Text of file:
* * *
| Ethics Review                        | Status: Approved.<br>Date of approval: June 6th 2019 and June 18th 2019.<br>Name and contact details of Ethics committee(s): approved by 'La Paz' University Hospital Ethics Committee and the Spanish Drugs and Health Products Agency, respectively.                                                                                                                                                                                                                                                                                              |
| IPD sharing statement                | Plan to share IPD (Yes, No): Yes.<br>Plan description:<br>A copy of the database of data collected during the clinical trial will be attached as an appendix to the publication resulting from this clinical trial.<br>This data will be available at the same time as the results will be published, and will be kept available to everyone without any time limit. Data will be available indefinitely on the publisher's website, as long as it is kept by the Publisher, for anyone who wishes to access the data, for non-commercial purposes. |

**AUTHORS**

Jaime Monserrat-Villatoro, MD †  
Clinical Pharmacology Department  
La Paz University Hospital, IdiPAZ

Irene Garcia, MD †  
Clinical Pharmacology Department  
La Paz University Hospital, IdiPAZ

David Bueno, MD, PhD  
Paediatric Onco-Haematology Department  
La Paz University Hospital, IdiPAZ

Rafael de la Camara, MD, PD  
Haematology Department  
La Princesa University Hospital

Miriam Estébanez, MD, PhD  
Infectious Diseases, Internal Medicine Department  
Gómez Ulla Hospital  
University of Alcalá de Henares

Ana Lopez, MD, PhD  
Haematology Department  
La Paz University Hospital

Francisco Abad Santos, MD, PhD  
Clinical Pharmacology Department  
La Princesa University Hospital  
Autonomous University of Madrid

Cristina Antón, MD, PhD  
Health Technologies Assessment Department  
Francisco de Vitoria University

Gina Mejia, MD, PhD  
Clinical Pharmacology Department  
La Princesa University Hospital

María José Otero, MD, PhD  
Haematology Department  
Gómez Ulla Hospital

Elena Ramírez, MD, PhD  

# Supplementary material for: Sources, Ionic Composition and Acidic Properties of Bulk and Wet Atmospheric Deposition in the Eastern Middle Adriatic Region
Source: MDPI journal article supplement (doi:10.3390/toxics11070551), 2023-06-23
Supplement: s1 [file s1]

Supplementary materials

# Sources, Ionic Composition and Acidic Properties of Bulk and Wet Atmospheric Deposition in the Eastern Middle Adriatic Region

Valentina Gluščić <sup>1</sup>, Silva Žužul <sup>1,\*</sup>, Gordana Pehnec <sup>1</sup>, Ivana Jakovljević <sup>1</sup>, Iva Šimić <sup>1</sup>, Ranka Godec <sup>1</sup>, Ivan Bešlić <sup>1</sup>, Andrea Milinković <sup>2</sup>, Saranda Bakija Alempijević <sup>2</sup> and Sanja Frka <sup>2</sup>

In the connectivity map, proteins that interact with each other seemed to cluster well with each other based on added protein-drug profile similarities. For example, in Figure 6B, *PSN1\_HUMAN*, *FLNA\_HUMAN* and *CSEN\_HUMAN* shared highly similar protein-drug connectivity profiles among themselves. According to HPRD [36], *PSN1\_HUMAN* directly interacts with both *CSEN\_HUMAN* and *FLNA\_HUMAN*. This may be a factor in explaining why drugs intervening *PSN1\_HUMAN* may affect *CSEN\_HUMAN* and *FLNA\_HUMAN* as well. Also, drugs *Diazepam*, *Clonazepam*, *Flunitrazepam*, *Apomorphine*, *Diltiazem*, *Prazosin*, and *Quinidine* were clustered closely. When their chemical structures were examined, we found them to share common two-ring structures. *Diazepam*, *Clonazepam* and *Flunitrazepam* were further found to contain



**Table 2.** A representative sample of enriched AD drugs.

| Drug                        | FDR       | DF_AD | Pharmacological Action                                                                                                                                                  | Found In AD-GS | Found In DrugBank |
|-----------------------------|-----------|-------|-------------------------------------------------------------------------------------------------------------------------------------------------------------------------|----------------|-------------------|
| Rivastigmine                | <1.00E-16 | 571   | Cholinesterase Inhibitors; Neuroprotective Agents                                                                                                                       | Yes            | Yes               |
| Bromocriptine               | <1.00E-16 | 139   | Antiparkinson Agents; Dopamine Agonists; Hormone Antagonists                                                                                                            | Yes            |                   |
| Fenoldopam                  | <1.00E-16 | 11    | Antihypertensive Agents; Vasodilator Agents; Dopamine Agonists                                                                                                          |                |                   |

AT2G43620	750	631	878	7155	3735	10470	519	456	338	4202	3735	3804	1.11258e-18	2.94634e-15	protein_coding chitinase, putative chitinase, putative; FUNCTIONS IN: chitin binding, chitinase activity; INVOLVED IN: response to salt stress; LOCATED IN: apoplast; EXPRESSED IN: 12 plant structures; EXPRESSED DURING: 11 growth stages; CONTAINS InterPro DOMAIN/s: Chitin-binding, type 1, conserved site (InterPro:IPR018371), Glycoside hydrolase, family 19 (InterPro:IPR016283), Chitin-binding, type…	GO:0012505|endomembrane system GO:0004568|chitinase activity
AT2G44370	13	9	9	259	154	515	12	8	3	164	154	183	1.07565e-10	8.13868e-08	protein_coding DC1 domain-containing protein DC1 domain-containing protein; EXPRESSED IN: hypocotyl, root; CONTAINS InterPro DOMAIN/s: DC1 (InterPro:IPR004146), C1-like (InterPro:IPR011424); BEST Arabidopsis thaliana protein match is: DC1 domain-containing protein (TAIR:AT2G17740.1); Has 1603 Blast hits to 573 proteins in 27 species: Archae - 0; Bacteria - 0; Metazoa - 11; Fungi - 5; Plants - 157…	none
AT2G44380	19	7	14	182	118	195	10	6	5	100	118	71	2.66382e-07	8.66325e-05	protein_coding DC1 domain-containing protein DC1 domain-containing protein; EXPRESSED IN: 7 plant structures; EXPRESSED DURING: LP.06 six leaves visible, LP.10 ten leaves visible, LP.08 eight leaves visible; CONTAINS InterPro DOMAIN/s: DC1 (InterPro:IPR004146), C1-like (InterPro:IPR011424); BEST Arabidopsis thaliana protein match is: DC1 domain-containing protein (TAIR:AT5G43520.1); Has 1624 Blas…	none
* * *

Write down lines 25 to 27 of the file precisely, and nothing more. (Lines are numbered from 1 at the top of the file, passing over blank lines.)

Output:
La Princesa University Hospital  
Autonomous University of Madrid

Cristina Antón, MD, PhD  